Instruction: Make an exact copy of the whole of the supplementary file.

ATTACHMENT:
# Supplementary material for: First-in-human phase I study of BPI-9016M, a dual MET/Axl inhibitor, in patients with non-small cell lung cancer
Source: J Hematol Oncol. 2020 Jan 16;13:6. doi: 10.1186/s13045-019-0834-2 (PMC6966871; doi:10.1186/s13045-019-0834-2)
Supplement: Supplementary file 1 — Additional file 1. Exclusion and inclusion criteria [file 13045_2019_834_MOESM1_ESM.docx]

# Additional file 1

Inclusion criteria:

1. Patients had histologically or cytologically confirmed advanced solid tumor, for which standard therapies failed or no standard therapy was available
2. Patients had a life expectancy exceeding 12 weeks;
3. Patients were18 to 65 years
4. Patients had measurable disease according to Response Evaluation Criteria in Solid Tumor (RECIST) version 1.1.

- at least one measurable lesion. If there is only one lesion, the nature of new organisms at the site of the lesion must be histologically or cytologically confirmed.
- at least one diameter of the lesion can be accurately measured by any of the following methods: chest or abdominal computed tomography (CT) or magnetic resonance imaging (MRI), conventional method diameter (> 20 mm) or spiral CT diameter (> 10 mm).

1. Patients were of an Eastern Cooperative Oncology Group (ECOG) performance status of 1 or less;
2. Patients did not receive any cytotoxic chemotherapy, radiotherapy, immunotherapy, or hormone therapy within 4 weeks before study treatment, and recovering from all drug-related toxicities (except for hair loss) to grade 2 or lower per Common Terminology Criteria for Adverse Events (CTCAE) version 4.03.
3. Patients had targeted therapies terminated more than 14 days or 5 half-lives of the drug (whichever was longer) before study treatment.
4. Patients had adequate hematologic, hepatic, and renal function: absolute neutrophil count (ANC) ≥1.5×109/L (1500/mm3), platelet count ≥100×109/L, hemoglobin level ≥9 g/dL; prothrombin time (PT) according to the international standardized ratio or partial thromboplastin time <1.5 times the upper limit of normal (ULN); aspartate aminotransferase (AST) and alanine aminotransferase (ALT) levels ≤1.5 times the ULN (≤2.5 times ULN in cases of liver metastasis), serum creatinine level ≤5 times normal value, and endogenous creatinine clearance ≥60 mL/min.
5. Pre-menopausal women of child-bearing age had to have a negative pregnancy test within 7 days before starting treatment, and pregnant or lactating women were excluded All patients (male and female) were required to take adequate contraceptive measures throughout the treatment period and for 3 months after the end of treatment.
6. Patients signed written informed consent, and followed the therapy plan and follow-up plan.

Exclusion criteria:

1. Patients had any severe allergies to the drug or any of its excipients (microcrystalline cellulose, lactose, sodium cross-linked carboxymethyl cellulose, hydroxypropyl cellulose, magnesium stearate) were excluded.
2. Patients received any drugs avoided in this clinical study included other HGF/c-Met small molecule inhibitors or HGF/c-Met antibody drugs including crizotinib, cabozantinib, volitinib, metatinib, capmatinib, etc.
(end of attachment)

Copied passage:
# Supplementary material for: First-in-human phase I study of BPI-9016M, a dual MET/Axl inhibitor, in patients with non-small cell lung cancer
Source: J Hematol Oncol. 2020 Jan 16;13:6. doi: 10.1186/s13045-019-0834-2 (PMC6966871; doi:10.1186/s13045-019-0834-2)
Supplement: Supplementary file 1 — Additional file 1. Exclusion and inclusion criteria [file 13045_2019_834_MOESM1_ESM.docx]

# Additional file 1

Inclusion criteria:

1. Patients had histologically or cytologically confirmed advanced solid tumor, for which standard therapies failed or no standard therapy was available
2. Patients had a life expectancy exceeding 12 weeks;
3. Patients were18 to 65 years
4. Patients had measurable disease according to Response Evaluation Criteria in Solid Tumor (RECIST) version 1.1.

- at least one measurable lesion. If there is only one lesion, the nature of new organisms at the site of the lesion must be histologically or cytologically confirmed.
- at least one diameter of the lesion can be accurately measured by any of the following methods: chest or abdominal computed tomography (CT) or magnetic resonance imaging (MRI), conventional method diameter (> 20 mm) or spiral CT diameter (> 10 mm).

1. Patients were of an Eastern Cooperative Oncology Group (ECOG) performance status of 1 or less;
2. Patients did not receive any cytotoxic chemotherapy, radiotherapy, immunotherapy, or hormone therapy within 4 weeks before study treatment, and recovering from all drug-related toxicities (except for hair loss) to grade 2 or lower per Common Terminology Criteria for Adverse Events (CTCAE) version 4.03.
3. Patients had targeted therapies terminated more than 14 days or 5 half-lives of the drug (whichever was longer) before study treatment.
4. Patients had adequate hematologic, hepatic, and renal function: absolute neutrophil count (ANC) ≥1.5×109/L (1500/mm3), platelet count ≥100×109/L, hemoglobin level ≥9 g/dL; prothrombin time (PT) according to the international standardized ratio or partial thromboplastin time <1.5 times the upper limit of normal (ULN); aspartate aminotransferase (AST) and alanine aminotransferase (ALT) levels ≤1.5 times the ULN (≤2.5 times ULN in cases of liver metastasis), serum creatinine level ≤5 times normal value, and endogenous creatinine clearance ≥60 mL/min.
5. Pre-menopausal women of child-bearing age had to have a negative pregnancy test within 7 days before starting treatment, and pregnant or lactating women were excluded All patients (male and female) were required to take adequate contraceptive measures throughout the treatment period and for 3 months after the end of treatment.
6. Patients signed written informed consent, and followed the therapy plan and follow-up plan.

Exclusion criteria:

1. Patients had any severe allergies to the drug or any of its excipients (microcrystalline cellulose, lactose, sodium cross-linked carboxymethyl cellulose, hydroxypropyl cellulose, magnesium stearate) were excluded.
2. Patients received any drugs avoided in this clinical study included other HGF/c-Met small molecule inhibitors or HGF/c-Met antibody drugs including crizotinib, cabozantinib, volitinib, metatinib, capmatinib, etc.